I know that a girl has her bat mitzvah on her 12th Hebrew birthday, and a boy has his bar mitzvah when he turns 13. Why are these two ages designated for this milestone, and why do boys lag behind by a year?


The ages of 12 and 13 are around the time when most young adults typically begin to physically mature and reach puberty.1 Additionally, when a boy turns 13 and a girl turns 12, they are considered to have reached the “age of maturity,” a time when they have developed enough understanding to be responsible for their actions. Therefore, they are called a bar/bat mitzvah, which literally means a “son/daughter of the commandment,” or a “man/woman obligated to do mitzvahs,” since they are now responsible for keeping the Torah and its mitzvahs.

The Torah Sources

Some explain that, like most other halachic measurements, the fact that the age of maturity is 12 or 13 is simply an oral tradition that G‑d imparted to Moses on Mount Sinai (commonly called Halachah L’Moshe MiSinai).2

Others explain that this is derived from the Torah’s account of the destruction of the city of Shechem by Simeon and Levi in retaliation for the rape of their sister Dinah. The verse “On the third day . . . Jacob’s two sons, Simeon and Levi, Dinah’s brothers, each man took his sword and confidently attacked the city . . .”3 The term “man” (ish) is used to refer to both brothers, the younger of whom, Levi, was exactly 13 years old at the time.4 This is the youngest age at which someone is referred to as a “man” in the Torah; thus, we derive that the Torah considers a male of 13 years to be a man.5 6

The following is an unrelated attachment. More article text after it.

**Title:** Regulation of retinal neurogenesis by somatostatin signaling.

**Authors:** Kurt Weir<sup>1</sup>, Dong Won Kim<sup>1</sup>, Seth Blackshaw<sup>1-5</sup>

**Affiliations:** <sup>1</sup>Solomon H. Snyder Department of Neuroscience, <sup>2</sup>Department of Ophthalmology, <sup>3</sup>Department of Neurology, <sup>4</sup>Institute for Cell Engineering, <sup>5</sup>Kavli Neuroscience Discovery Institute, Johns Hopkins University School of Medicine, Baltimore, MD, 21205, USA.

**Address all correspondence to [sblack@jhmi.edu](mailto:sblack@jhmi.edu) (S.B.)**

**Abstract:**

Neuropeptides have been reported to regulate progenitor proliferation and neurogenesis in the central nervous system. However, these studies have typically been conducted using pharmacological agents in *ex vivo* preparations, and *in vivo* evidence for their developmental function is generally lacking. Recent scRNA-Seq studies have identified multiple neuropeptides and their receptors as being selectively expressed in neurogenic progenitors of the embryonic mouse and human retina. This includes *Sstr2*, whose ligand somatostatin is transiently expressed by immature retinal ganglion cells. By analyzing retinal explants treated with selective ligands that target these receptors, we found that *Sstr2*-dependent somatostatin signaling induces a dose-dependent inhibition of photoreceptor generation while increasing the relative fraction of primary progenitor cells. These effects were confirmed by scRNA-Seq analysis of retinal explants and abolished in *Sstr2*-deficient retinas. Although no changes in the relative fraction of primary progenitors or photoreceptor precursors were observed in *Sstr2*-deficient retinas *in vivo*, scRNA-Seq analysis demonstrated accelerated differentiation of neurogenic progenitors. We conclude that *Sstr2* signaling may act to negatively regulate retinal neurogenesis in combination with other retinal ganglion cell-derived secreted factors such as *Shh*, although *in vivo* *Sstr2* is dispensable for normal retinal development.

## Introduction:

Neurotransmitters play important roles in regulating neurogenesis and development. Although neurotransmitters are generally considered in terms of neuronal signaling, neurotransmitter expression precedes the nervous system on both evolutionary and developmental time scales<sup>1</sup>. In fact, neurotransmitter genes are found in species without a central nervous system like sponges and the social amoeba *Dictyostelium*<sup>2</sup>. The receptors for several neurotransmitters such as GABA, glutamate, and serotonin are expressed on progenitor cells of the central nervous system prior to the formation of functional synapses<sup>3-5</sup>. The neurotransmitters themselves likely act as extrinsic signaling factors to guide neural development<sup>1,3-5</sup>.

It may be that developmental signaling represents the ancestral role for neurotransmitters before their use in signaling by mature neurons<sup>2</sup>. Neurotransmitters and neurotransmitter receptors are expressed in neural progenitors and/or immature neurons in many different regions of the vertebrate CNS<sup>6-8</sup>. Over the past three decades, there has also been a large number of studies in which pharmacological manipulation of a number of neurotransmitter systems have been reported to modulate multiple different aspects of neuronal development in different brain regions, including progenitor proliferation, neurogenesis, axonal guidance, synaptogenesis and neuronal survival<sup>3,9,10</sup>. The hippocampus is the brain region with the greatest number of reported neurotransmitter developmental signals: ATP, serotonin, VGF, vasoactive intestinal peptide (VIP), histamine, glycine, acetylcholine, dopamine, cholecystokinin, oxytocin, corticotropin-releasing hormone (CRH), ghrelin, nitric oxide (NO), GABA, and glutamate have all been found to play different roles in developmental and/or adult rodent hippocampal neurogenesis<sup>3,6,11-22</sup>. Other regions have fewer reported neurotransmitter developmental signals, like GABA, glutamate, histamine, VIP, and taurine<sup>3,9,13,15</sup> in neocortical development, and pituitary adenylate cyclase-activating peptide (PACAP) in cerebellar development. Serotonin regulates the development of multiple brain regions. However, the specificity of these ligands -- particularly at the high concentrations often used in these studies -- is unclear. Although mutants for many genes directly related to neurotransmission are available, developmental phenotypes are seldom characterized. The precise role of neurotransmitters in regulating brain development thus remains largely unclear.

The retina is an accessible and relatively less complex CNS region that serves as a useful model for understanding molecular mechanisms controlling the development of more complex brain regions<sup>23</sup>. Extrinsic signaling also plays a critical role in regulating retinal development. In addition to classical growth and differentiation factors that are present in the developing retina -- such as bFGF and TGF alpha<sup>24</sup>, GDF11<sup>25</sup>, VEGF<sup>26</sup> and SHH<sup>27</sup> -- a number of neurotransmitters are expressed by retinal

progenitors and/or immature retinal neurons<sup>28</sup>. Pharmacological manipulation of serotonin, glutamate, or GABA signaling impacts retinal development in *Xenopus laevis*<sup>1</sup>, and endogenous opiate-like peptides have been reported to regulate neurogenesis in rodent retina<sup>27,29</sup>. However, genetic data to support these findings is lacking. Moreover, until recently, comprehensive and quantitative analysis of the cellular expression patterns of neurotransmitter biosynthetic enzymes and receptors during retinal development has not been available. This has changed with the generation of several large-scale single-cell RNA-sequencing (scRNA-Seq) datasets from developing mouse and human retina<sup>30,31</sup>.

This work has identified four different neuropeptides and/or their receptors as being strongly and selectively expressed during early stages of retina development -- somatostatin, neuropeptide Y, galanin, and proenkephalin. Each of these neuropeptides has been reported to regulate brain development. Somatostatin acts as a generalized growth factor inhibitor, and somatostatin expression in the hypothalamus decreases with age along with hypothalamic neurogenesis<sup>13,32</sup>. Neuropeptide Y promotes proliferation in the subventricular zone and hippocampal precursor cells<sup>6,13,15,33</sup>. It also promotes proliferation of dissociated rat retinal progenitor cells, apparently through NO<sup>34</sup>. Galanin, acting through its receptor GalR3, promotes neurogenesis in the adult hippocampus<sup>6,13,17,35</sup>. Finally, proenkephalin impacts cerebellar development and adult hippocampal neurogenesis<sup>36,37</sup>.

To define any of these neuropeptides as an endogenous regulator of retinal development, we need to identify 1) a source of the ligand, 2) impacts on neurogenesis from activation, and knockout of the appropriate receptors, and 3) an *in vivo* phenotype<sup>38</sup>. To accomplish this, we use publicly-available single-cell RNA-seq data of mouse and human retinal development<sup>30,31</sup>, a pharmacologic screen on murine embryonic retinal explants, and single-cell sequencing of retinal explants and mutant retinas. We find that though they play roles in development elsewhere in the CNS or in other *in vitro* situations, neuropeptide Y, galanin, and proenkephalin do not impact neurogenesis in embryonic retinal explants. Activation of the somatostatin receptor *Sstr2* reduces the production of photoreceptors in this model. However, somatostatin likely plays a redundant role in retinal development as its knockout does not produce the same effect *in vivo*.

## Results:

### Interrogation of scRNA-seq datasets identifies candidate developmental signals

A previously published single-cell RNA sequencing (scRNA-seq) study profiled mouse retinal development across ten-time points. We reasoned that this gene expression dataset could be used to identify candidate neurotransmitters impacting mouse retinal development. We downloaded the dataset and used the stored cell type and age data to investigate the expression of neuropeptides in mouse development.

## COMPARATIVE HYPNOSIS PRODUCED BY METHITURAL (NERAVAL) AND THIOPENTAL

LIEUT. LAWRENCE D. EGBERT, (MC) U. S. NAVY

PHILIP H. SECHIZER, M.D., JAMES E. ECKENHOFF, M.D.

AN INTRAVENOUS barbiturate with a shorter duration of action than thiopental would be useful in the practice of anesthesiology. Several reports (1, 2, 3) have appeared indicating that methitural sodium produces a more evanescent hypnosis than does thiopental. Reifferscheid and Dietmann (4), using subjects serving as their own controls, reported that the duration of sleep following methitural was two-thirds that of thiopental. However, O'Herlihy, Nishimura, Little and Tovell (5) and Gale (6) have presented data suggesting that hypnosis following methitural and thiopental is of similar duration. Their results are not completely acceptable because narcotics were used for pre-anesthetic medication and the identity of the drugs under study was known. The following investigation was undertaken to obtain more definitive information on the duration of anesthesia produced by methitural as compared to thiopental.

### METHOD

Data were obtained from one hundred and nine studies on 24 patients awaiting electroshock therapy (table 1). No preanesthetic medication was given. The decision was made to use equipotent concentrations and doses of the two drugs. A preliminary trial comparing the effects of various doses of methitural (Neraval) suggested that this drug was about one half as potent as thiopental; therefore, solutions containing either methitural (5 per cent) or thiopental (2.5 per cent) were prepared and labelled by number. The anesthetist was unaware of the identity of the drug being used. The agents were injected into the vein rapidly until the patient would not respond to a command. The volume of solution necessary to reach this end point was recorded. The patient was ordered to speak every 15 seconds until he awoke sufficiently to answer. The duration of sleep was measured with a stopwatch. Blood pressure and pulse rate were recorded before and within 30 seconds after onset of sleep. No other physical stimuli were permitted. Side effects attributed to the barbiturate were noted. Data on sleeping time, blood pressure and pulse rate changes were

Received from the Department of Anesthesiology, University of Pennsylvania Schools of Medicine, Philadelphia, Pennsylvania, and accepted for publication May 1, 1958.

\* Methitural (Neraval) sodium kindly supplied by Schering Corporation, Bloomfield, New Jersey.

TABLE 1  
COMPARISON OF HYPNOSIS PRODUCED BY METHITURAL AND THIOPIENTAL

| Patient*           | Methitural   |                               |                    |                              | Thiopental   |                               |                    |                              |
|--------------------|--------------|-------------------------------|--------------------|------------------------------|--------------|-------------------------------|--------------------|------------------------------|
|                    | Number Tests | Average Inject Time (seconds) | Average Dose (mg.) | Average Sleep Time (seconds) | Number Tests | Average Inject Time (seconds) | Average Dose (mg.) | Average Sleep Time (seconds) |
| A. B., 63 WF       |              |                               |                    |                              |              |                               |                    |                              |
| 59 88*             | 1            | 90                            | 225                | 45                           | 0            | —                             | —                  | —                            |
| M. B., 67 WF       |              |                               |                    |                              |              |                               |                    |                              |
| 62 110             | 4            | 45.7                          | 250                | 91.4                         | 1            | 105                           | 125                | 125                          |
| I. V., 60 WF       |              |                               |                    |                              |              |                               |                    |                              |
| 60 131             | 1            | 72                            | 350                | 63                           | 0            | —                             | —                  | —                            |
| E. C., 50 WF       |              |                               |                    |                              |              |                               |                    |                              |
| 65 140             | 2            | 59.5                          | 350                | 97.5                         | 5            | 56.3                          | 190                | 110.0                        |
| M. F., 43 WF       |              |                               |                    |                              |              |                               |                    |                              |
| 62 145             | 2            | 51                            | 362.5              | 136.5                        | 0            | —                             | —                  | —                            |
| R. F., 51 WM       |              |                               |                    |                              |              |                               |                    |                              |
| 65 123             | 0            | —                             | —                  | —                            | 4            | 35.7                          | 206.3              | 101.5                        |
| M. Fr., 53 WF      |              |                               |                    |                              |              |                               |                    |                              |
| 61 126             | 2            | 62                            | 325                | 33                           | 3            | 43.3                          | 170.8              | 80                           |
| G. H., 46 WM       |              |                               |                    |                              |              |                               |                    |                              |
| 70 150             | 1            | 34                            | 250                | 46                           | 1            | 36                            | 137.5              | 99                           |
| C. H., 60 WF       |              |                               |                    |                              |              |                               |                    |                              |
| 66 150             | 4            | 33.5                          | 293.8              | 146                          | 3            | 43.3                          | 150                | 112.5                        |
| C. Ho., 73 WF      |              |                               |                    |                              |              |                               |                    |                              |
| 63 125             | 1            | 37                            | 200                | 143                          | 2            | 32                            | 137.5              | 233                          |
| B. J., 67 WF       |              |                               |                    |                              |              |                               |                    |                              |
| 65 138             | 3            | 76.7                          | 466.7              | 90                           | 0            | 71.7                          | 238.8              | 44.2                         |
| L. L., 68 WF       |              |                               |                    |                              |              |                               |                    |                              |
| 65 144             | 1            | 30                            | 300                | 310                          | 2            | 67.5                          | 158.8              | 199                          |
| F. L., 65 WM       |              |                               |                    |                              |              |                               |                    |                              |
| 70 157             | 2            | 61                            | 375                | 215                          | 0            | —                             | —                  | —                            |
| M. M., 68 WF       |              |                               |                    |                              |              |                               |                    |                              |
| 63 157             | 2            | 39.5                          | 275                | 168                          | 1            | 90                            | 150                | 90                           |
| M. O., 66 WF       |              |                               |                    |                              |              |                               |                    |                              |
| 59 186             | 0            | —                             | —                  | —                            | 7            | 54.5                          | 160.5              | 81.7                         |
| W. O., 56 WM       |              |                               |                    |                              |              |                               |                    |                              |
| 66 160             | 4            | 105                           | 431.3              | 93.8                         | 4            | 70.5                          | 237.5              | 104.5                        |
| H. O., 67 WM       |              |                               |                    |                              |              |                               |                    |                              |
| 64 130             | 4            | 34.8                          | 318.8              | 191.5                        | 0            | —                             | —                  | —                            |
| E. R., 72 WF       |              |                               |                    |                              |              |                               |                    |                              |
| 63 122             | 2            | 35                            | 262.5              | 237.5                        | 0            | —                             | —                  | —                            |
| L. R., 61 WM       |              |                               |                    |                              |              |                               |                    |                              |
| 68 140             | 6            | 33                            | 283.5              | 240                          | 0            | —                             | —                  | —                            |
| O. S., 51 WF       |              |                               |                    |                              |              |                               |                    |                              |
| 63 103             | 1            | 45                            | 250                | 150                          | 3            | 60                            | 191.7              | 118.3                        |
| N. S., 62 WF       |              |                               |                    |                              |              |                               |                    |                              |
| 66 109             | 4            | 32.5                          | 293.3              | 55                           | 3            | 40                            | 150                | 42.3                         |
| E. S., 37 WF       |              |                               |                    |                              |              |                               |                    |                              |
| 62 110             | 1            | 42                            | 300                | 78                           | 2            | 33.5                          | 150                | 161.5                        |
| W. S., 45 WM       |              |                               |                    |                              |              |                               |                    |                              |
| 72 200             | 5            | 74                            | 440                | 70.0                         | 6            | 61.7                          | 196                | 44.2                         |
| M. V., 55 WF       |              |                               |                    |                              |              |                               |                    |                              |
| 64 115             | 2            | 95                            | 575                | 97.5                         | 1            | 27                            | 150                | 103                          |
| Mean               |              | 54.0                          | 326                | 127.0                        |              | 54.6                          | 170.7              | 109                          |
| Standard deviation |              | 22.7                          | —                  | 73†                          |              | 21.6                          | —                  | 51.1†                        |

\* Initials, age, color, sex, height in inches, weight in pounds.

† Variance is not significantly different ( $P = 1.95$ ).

The Feminine Advantage

Just as a boy is considered to be a man at the same time that he generally begins to experience physical maturity, a girl generally matures more quickly, and is therefore considered to be a woman earlier as well—i.e., when she turns 12 years old.7

According to some explanations in the Talmud, this feminine advantage can be inferred from the Torah’s description of the creation of the first woman, Eve: “The L‑rd G‑d built the side that He had taken from man into a woman, and He brought her to man.”8 The word translated as “built,” vayiven, can also mean “and He gave her understanding,” implying that G‑d created a woman in such a way that she reaches mental maturity earlier than a man.9

Food for Thought

A bar mitzvah is not a graduation, when we celebrate an accomplishment of the past. On the contrary, it is a beginning. It is the start of an adult life, in which one more Jewish person will serve G‑d using his or her newfound wisdom to make the world a better, more G‑dly place.

Mazal tov!